Letters written by General Pershing on both personal and official business. Correspondents include Earl of Derby, Mrs. Kingsley Ohl, Hon. Louis C. Crampton, Dr. Clarence J. Owens, Mrs. James C. Frazer, General Calcer C. Sniften, Reverend Alton M. Young, Lieutenant Col. George Grosman, Col. Hugh J. Gallagher, John A. Stewart, Josephine Patten, Paul Maerker Branden, and Mr. Wheeler.
Permission to publish from the General John J. Pershing letters, 1917-1936, MS 161, must be obtained from the Woodson Research Center, Fondren Library, Rice University.
John J. Pershing was born September 13, 1860 in Laclede, Missouri. Having graduated from West Point Military Academy in 1886, he fought in the United States military in the Spanish-American War and several Indian Wars. He also served as brigadier general in the Philippines from 1906-1913 and led the attack against Mexican rebel Pancho Villa in 1916. Early in his military career, he served with a black regiment, giving him the nickname Black Jack. For a time, he also taught at West Point.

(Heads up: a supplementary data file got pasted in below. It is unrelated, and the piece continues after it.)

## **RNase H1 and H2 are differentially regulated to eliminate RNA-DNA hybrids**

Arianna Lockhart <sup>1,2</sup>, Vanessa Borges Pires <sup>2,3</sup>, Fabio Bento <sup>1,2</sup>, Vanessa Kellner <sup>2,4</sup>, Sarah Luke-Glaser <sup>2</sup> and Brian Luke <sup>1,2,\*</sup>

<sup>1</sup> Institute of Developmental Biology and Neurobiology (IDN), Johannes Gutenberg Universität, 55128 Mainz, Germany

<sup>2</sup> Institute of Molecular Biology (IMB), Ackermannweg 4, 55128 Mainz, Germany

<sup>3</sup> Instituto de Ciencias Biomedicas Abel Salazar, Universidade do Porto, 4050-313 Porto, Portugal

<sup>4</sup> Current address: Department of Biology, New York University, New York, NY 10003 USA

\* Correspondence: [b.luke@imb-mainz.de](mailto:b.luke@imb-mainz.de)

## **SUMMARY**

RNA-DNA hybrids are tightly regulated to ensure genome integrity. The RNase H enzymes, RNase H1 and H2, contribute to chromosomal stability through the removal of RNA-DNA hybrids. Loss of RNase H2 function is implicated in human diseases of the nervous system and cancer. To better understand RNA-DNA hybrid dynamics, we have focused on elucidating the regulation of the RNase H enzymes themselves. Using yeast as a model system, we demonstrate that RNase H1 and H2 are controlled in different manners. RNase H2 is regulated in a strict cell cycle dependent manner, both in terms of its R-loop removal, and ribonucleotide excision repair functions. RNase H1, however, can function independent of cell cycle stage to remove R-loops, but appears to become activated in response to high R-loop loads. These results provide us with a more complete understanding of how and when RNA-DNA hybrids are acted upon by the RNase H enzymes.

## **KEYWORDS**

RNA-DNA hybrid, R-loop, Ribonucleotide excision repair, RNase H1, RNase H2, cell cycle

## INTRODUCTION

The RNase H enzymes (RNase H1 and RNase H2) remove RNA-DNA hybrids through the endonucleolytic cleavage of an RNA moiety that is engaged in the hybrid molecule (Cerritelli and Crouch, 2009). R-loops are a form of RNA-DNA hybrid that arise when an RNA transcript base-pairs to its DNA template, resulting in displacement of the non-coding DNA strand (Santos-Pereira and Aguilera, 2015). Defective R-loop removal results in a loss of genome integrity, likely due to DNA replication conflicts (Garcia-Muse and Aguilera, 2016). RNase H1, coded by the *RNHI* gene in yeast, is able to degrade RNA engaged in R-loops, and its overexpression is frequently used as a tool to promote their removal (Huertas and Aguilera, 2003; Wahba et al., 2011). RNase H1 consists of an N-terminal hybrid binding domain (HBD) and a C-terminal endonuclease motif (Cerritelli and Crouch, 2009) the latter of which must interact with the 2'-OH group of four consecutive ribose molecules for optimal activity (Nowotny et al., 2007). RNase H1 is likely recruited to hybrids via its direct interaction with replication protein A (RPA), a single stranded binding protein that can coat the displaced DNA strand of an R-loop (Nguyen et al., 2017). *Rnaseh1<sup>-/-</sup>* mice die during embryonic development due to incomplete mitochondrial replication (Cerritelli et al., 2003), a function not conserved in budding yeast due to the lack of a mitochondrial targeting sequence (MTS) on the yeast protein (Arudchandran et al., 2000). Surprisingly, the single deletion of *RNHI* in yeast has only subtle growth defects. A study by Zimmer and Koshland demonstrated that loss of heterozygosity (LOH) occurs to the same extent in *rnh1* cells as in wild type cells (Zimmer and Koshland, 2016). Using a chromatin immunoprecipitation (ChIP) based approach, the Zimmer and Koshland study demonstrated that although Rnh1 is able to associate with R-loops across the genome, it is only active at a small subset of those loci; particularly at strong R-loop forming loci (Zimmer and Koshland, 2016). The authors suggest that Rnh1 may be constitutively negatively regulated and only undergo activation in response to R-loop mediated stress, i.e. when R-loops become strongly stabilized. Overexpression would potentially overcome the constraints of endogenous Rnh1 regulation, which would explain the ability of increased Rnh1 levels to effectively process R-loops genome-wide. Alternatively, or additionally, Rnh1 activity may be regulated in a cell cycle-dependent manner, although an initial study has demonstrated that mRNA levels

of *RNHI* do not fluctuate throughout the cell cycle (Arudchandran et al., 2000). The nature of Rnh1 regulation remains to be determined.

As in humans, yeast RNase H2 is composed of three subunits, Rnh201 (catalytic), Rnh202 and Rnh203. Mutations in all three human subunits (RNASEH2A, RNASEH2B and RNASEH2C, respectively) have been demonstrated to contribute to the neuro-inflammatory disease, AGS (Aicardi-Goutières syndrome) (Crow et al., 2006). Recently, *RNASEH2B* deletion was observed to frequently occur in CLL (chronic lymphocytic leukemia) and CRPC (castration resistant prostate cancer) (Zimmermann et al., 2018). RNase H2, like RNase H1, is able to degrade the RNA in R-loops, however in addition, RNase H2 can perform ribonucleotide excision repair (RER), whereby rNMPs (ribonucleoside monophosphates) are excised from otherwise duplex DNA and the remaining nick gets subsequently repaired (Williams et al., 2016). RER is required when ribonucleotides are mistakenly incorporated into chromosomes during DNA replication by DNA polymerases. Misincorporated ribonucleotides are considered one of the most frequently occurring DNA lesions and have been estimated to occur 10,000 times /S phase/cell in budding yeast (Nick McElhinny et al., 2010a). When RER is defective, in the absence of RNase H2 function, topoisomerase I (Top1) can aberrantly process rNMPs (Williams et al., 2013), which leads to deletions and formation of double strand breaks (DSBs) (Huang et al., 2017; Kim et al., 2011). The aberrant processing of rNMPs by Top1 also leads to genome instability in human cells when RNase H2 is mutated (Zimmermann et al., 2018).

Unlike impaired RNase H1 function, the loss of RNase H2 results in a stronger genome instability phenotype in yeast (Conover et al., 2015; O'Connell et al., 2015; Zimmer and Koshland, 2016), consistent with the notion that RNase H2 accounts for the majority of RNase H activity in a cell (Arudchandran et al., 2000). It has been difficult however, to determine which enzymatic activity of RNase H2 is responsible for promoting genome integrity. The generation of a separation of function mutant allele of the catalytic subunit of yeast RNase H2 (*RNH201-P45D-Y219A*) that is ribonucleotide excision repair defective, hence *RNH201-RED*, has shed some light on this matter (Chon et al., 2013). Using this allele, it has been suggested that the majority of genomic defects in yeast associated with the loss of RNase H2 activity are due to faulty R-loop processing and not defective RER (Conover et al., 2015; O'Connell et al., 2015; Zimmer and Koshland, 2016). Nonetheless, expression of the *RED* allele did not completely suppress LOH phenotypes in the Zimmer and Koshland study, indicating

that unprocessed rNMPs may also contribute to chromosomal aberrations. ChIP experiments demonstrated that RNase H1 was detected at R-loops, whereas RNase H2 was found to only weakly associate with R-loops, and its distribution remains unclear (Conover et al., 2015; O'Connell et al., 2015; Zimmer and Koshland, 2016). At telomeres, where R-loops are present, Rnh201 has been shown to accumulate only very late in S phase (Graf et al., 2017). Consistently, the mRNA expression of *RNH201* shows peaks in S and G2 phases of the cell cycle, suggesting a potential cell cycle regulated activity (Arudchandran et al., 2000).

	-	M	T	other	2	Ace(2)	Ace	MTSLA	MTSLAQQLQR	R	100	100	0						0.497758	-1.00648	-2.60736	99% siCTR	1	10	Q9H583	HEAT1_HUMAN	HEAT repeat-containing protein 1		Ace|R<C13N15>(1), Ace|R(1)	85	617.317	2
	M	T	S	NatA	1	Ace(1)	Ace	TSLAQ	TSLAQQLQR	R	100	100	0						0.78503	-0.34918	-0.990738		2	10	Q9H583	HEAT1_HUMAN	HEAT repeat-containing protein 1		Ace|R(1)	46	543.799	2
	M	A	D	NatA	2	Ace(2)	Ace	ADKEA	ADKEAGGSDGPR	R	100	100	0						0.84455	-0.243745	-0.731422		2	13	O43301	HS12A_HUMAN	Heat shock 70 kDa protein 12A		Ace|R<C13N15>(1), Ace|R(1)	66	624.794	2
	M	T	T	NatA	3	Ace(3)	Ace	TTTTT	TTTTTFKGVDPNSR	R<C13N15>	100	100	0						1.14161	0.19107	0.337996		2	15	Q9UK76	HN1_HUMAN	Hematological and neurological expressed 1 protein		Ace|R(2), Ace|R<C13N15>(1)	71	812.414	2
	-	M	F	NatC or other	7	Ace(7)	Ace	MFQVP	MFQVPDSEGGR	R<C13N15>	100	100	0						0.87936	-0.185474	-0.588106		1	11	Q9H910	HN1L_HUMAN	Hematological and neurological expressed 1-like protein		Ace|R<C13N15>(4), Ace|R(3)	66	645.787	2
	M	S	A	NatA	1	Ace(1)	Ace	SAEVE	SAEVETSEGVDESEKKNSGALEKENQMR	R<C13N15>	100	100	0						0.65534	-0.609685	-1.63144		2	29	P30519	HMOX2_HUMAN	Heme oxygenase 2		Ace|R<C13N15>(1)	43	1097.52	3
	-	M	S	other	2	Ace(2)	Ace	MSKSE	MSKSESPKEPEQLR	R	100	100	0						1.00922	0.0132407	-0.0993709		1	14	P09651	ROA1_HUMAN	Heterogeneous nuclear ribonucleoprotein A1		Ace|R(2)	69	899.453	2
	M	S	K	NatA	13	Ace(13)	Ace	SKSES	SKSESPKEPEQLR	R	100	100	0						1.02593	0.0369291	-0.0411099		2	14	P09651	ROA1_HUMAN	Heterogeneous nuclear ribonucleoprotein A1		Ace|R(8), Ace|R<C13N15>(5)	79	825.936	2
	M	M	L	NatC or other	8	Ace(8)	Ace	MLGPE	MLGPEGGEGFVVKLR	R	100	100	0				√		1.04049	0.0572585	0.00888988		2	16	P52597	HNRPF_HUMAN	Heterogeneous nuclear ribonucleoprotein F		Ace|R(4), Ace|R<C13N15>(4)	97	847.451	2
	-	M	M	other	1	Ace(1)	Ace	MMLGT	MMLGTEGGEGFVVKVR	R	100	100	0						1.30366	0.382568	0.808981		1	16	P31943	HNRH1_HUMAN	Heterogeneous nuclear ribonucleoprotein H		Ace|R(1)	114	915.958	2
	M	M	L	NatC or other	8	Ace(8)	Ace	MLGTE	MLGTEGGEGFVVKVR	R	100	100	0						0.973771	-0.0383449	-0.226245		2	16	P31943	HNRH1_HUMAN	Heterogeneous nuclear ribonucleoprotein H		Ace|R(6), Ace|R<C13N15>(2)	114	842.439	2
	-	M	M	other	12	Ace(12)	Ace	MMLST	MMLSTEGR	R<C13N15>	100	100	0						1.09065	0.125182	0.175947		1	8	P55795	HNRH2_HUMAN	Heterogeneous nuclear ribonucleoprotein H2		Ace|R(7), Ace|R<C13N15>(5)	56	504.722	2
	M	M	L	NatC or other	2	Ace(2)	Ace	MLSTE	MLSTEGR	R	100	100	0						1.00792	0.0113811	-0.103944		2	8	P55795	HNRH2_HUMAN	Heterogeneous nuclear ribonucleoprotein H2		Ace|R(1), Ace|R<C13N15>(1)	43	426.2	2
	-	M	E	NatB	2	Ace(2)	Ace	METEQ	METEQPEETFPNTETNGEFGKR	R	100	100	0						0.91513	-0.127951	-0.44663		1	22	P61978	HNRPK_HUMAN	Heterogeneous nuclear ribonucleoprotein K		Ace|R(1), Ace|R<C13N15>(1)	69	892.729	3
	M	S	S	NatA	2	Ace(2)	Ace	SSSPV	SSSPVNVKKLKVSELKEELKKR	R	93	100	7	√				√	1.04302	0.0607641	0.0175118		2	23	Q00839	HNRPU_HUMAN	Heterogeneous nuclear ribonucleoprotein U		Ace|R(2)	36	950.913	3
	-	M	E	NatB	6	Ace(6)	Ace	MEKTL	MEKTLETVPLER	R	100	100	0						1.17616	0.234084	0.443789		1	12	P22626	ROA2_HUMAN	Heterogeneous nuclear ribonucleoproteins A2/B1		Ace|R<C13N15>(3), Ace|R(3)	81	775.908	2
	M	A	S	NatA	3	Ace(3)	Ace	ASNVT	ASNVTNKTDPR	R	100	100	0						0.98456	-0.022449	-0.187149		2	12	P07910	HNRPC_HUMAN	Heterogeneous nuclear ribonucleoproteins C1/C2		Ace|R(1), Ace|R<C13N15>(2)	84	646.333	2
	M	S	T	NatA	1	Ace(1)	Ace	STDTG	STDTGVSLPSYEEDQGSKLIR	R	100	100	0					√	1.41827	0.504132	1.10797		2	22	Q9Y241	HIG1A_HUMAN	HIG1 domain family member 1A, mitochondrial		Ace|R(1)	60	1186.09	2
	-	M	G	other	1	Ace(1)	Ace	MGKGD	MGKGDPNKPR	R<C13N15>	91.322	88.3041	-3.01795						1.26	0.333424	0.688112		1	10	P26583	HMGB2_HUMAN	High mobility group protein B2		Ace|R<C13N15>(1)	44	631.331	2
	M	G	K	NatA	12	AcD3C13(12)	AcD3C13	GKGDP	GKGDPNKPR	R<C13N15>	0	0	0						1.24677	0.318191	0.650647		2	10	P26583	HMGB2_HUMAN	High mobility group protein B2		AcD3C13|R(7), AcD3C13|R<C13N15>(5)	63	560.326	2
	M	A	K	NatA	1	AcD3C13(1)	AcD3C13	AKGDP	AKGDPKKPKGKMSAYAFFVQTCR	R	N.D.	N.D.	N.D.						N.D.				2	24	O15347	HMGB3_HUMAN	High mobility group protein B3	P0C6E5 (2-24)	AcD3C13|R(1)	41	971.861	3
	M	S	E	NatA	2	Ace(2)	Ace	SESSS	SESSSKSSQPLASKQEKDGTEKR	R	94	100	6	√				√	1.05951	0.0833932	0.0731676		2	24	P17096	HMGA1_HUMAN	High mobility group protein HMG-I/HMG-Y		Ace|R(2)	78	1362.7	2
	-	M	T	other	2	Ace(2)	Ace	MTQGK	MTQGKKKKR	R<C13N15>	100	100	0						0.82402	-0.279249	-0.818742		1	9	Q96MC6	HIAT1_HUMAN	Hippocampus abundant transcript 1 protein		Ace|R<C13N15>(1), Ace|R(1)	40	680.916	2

In 1917 when the United States declared war on Germany, Pershing was chosen to command the American troops in Europe. Pershing can claim two significant victories: the attack on the German's Saint-Mihiel line of defense and the Meuse-Argonne operations, a month after which the Armistice was signed.
Upon returning to the United States, he was given the rank of general of the American armies. For three more years he served in the military as chief of staff until his retirement in 1921.
General John Joseph Pershing passed away on July 15, 1948 in Washington D.C.